Furthermore, the embedded boards that are used by vehicle manufacturers are tied with respect to mission critical systems, however they are difficult to work with for a developer. More particularly, the developing and testing of an application that provides functionality for telematics systems associated with a vehicle is burdensome not only because of the heterogeneous nature of the multitude of embedded boards used, but also because of the configuration of embedded boards in general, i.e., limited memory, serial ports, etc., that require obtaining specialized hardware for a developer to work with the systems. It should be appreciated that since some of these boards are not equipped with local storage, the board must be coupled to a personal computer that has a special software program that can load the operating system over a network. Additionally, debugging the application on the board itself requires tying into a serial port of the board and reviewing generated text. These barriers would deter an independent developer from providing infotainment applications outside of the mission critical vehicle system applications provided by vehicle manufacturers. The embedded boards as described herein, include at least one microprocessor configured to execute the telematics applications.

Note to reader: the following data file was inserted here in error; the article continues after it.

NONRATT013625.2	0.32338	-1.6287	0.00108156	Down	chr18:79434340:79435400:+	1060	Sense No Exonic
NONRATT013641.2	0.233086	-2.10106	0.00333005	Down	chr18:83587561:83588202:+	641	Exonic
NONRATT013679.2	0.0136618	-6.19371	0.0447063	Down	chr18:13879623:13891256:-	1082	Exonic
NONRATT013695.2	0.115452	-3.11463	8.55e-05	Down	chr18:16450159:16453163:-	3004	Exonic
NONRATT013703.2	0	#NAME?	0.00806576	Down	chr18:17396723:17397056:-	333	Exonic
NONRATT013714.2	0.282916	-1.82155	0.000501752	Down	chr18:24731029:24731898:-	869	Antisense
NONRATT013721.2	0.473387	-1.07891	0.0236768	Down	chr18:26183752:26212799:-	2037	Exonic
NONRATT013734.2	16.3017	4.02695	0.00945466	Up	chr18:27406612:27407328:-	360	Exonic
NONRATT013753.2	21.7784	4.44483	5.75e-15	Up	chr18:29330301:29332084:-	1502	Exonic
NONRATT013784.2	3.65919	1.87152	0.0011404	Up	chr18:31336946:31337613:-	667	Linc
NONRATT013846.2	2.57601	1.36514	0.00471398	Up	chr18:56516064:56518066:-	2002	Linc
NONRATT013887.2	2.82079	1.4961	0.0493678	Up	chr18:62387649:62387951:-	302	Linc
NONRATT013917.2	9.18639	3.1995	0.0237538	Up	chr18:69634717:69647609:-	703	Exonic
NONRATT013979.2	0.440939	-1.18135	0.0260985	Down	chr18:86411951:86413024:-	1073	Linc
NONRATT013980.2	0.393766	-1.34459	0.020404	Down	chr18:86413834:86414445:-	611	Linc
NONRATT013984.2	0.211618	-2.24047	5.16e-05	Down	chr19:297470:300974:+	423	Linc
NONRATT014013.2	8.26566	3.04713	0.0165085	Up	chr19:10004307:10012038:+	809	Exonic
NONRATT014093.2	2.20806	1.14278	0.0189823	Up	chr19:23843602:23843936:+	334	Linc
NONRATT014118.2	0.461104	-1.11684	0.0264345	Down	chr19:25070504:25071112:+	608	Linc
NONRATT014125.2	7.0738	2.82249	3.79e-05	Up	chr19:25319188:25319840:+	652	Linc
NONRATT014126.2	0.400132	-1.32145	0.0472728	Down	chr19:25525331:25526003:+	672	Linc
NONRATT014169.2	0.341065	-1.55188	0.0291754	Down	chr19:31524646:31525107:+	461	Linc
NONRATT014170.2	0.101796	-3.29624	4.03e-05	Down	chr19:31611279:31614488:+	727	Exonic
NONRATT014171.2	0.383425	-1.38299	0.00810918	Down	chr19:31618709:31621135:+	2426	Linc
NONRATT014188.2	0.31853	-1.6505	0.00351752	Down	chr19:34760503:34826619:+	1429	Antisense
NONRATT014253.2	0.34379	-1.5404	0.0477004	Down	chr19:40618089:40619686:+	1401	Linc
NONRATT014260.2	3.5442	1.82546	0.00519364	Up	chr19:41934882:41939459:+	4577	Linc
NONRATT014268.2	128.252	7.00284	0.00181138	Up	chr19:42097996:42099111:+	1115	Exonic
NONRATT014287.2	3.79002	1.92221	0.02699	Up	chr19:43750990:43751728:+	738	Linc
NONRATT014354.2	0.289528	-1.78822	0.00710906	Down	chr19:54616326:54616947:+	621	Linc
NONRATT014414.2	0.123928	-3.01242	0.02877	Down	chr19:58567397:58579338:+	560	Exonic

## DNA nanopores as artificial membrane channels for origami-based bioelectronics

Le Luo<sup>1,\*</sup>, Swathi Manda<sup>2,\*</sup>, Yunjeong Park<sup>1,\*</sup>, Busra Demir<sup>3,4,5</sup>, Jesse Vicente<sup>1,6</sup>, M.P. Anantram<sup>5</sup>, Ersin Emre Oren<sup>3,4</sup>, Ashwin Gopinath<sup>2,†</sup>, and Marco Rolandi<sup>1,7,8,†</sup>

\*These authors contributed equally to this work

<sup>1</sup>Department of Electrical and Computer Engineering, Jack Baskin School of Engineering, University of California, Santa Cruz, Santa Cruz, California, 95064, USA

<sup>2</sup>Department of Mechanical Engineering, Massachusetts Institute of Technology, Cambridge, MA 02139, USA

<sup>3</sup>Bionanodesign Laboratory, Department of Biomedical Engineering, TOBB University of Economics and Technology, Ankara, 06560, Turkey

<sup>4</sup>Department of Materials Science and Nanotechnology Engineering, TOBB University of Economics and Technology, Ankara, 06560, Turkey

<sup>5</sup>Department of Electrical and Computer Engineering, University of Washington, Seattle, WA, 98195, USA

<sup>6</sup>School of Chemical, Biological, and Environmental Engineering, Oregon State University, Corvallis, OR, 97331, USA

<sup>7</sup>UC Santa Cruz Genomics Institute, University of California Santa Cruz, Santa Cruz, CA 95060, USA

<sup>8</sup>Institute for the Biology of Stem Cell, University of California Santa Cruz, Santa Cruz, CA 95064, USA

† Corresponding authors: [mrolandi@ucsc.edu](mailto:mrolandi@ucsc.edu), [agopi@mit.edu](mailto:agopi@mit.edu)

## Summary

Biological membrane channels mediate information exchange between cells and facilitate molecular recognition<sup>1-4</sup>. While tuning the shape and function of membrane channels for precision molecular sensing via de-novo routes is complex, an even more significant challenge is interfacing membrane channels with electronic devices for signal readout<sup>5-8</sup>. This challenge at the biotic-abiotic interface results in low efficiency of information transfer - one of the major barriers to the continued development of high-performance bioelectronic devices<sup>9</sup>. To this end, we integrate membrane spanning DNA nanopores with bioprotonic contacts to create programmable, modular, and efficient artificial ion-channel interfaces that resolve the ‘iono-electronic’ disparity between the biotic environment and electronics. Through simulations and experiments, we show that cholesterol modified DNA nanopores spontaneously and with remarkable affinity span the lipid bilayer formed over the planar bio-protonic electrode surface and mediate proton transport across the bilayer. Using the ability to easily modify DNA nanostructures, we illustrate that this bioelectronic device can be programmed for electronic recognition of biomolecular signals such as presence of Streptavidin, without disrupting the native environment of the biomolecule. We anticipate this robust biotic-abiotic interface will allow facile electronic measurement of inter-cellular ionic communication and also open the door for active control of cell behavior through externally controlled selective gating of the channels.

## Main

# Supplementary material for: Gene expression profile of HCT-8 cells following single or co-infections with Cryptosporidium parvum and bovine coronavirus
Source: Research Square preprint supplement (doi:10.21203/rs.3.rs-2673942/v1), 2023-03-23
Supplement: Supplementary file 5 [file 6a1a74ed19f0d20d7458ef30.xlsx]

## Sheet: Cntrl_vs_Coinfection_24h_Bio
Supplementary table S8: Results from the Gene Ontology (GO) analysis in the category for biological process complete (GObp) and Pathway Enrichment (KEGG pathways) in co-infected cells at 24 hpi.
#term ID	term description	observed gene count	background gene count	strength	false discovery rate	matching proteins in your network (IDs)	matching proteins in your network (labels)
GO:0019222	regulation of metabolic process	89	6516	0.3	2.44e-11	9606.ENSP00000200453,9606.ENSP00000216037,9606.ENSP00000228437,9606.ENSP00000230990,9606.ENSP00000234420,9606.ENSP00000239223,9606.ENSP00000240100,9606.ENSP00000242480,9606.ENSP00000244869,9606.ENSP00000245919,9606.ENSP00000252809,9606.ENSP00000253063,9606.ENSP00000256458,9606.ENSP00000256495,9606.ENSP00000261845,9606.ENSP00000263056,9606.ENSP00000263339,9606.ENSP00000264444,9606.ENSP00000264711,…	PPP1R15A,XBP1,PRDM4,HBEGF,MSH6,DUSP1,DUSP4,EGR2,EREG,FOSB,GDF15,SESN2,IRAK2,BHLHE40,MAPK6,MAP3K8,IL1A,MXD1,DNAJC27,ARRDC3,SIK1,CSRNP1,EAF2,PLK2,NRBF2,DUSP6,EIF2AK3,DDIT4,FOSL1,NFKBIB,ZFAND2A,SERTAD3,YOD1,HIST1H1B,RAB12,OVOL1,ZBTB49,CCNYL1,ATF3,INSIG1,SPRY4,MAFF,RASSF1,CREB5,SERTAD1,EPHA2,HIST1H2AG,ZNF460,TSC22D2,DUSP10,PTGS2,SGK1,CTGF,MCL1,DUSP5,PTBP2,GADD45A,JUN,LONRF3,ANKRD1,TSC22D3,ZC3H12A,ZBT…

A self-contained personal computer model, also referred to as the fat client model, has been proposed to provide a uniform standard across makes and models of vehicles. Here, the client performs the bulk of the data processing operations. However, there are a number of shortcomings of this model. For instance, the tightly coupled operating system/hardware architecture does not provide multi-platform support. Additionally, desktop operating systems are too general purpose and too large to fit in the restricted physical envelope of telematics devices. More importantly, the susceptibility to viruses and the general lack of security would be an unacceptable risk for the automobile manufacturer.
In view of the forgoing, there is a need for a system and method to encourage independent developers to develop and test applications for execution by a telematics control unit in order for a wide range of functionality to be made available to telematics consumers.